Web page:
Pell v. The Queen  HCA 12, was a special leave to appeal against the decision of the Court of Appeal of the Supreme Court of Victoria. The facts of the case were that the accused was charged with five child sexual assault offences committed during the year 1996 and 1997 at St Patrick’s Cathedral, where he was the Archbishop. The specific charges were one charge of sexual penetration of a child under 16 and four charges of indecent act with a child under 16. The case was first dealt by the jury in the County Court of Victoria, which arrived on a verdict only on its second trial.
The jury found him guilty of the charges and sentenced him to 6 years’ imprisonment, with a non-parole period of 3 years and 8 months. The accused sought an appeal against the convictions before the Court of Appeal on three grounds. The appeal was dismissed by the Court. In September 2019, the accused applied for the appeal to the High Court against the decision of the Court of Appeal and in November 2019, the appeal was referred to be heard by a Full Court. The High Court heard the application on 11th and 12th March 2020.
Arguments of the Applicant
The Counsel for the applicant filed the appeal before the High Court on two grounds. The first ground was that there was an error in the findings by the Court of Appeal that their belief in Complainant required the applicant to establish that the commission of the offence was impossible.. Second ground was that the majority of the Court of Appeal did not find the conviction as unreasonable, although one of the dissenting Honour, Weinberg JA remarked that in order for the conviction of the applicant, the odds against the complainant’s account needs to be substantive and that reasonable doubt to the applicant’s guilt should be considered.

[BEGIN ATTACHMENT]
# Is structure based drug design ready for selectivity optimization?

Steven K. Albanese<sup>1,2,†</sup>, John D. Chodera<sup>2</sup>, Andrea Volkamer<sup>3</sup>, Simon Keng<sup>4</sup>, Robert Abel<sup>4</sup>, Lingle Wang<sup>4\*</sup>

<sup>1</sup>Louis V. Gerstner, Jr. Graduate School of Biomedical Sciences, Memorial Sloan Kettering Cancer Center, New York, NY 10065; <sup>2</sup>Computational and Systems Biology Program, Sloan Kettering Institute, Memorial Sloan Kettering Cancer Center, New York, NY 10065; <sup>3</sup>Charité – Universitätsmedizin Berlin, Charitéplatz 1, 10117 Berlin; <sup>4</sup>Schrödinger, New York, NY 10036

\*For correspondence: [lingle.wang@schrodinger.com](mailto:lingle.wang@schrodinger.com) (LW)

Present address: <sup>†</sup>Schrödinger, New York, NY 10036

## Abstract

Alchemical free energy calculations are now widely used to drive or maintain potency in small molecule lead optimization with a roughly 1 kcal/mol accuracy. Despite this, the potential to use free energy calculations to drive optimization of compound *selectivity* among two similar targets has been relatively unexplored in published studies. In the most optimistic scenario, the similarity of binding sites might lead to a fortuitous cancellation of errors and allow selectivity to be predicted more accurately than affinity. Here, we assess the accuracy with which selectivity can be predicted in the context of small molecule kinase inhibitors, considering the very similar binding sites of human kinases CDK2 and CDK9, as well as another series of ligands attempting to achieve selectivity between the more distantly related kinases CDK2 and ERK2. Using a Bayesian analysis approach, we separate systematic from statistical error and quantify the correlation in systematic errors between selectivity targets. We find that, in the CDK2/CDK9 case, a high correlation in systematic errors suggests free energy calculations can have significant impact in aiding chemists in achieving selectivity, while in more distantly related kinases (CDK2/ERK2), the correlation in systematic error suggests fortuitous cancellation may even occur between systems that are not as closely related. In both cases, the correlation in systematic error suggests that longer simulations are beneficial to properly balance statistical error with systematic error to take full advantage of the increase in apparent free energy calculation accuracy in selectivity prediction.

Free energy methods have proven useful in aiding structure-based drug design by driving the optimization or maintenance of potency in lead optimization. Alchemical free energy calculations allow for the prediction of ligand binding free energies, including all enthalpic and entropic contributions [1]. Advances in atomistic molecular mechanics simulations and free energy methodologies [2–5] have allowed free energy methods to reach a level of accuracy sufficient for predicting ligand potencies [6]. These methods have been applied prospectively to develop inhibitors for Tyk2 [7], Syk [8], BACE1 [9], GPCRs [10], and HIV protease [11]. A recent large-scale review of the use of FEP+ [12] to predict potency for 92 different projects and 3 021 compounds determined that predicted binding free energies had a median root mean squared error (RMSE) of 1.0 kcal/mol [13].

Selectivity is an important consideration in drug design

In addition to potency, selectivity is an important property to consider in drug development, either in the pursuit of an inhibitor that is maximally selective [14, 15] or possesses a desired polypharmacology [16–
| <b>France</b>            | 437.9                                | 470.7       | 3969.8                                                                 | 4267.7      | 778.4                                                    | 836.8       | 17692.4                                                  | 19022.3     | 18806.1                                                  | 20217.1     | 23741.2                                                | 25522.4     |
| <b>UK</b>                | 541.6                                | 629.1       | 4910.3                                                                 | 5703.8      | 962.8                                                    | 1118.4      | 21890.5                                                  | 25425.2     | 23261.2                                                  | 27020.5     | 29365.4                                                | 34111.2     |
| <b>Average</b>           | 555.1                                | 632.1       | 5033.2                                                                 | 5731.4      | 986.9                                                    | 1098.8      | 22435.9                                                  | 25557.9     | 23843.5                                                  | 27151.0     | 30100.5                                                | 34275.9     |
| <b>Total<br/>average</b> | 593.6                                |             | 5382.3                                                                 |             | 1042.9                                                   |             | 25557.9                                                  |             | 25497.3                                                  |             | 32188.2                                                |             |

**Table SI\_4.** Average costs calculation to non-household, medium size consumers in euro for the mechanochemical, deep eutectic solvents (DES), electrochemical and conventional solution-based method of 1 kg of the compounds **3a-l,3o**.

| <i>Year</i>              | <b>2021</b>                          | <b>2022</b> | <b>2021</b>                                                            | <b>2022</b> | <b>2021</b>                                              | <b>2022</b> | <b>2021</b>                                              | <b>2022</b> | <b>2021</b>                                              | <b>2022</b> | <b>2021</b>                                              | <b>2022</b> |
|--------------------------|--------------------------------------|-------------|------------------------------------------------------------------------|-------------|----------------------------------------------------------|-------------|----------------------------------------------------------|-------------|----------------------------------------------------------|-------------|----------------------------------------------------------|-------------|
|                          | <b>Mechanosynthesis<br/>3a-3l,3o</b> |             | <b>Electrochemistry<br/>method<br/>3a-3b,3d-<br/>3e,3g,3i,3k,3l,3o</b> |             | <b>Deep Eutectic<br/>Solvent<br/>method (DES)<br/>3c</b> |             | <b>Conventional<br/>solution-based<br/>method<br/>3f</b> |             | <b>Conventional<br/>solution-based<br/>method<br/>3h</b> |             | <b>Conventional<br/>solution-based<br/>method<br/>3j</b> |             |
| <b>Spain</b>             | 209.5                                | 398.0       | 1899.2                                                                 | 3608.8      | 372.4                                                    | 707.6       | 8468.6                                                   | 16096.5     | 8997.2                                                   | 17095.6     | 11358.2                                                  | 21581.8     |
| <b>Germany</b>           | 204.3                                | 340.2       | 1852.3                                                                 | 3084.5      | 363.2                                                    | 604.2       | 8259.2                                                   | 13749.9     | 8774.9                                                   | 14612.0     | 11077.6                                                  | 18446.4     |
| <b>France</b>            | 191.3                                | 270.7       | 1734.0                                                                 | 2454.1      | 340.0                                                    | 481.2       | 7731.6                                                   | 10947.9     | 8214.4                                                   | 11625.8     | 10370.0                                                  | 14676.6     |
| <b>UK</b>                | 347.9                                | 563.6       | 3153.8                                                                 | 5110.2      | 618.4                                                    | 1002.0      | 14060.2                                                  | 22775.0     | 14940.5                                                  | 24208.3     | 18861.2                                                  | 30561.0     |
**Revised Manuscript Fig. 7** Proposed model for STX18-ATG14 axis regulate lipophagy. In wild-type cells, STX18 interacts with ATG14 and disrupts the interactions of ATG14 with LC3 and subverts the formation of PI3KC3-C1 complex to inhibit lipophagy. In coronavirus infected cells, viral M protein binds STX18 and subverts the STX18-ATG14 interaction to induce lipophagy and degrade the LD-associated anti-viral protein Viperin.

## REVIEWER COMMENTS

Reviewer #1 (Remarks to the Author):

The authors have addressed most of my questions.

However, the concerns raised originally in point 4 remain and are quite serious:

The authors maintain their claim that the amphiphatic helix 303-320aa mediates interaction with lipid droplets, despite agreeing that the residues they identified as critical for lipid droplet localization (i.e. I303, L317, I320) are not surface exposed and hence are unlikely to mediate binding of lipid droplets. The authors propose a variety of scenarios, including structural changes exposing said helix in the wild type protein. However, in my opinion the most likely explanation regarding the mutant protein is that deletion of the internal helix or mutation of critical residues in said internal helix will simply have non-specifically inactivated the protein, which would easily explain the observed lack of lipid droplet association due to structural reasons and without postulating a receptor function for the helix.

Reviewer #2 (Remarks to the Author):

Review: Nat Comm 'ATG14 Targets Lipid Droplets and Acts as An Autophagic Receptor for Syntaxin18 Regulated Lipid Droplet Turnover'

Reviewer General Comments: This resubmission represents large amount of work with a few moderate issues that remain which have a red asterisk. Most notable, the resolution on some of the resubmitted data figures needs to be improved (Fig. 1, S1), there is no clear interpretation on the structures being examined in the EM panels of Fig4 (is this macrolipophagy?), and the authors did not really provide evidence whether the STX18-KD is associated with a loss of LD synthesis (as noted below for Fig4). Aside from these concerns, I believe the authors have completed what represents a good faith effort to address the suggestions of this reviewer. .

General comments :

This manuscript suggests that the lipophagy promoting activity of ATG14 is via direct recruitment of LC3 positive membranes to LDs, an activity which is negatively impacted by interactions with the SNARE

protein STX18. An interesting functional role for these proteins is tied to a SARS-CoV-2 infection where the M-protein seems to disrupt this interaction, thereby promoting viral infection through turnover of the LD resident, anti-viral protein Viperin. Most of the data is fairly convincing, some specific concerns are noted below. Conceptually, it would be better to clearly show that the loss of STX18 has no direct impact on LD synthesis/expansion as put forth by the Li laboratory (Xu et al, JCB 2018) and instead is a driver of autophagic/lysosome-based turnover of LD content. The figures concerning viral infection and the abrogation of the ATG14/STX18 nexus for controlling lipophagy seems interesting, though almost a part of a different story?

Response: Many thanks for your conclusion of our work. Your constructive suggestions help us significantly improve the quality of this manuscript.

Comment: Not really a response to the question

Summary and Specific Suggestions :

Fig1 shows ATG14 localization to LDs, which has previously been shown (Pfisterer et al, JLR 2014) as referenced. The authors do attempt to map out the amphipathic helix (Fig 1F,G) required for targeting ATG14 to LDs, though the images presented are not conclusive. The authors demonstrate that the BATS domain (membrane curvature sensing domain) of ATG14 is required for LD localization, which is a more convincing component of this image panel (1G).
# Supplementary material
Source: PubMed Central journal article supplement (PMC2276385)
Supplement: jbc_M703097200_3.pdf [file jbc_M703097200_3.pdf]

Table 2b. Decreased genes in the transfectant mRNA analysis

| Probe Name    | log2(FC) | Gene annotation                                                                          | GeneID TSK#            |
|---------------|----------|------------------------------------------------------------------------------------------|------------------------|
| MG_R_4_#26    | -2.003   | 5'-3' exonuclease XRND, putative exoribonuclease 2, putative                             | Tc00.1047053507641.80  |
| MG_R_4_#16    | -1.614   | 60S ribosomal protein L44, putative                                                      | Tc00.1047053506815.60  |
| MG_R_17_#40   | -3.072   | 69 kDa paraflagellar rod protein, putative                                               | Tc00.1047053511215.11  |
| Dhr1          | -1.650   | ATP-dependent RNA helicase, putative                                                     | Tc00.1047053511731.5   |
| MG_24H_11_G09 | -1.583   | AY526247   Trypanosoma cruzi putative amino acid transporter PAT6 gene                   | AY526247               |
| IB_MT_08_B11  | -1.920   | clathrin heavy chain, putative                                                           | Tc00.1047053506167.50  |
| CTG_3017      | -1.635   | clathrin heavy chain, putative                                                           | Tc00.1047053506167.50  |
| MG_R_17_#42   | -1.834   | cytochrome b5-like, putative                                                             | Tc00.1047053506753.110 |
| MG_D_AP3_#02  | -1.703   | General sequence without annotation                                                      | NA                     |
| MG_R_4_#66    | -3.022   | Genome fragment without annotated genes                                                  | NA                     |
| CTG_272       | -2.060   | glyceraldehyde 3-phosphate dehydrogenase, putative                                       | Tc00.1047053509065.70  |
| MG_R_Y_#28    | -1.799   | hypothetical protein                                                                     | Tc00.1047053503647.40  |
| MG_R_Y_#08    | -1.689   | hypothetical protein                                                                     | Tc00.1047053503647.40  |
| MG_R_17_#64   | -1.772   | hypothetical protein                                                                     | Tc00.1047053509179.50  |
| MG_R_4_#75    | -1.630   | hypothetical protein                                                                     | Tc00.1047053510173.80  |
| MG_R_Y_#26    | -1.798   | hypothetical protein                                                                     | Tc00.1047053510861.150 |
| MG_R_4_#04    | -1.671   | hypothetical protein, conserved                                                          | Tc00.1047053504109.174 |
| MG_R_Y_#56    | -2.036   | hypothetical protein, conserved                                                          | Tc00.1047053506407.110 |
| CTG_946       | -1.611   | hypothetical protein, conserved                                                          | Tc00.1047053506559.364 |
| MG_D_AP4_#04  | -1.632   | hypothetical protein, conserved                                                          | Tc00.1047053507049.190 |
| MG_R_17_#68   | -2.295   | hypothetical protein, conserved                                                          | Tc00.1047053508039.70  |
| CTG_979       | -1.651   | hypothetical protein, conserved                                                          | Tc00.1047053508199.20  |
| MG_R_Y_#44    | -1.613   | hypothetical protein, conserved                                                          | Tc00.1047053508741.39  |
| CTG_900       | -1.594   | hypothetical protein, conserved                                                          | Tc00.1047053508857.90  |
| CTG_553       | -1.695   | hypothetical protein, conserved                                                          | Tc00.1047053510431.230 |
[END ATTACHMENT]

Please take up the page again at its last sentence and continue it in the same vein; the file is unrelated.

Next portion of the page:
Arguments of the Respondent
The respondents stated that the assaults had occurred after the victims had entered the priests’ sacristy, bowed to the crucifix and before other activities in the sacristy commenced. They continued by stating that there is no precise time period for the interval and varied depending on the number of people in the Church.
Analysis of the High Court of Australia
The Hon’ble Court observed that the Court of Appeal failed to engage with the question of whether there remained a reasonable possibility that the offence had not taken place, such that there ought to have been a reasonable doubt as to the applicant’s guilt. The Court also found the following inconsistencies with the complainant’s evidence and the evidence of the opportunity witnesses;
- the applicant’s practice of greeting congregants on or near the Cathedral steps after Sunday solemn Mass;
- the established and historical Catholic church practice that required that the applicant, as an archbishop, always be accompanied when robed in the Cathedral; and
- the continuous traffic in and out of the priests’ sacristy for 10 to 15 minutes after the conclusion of the procession that ended Sunday solemn Mass.
The Court held that the Jury had only taken the complainant’s evidence as credible and failed to pay heed to the evidence of the other witnesses in order to provide the accused with a reasonable doubt with regard to the commission of the crime. With respect to the second incident, the Hon’ble Court held that it is impossible to take into account the narrative that a group of choristers, including adults, were so engaged with moving towards the robing room that they did not notice the Archbishop of Melbourne dressed “in his full regalia” moving through the procession and pinning a 13 years old boy to the wall. The Court also observed that the absence of a formal report with respect to the incident is also a major failure. The Court thus concluded that in both the incidents the account of the Complainant was not supported by substantive evidence.
In light of the above findings, the Honorable High Court of Australia, held that the Jury should have considered the reasonable doubt that the applicant is not guilty of the offences charged in both the incidents. The Court remarked that in case of the applicant’s convictions, there was, consistently with the words used in Chidiac v The Queen (1991) 171 CLR 432 at 444 and M v The Queen (1994) 181 CLR 487 at 494, “a significant possibility that an innocent person has been convicted because the evidence did not establish guilt to the requisite standard of proof’’. The Honorable Court thus quashed the convictions against the applicant and acquitted him.
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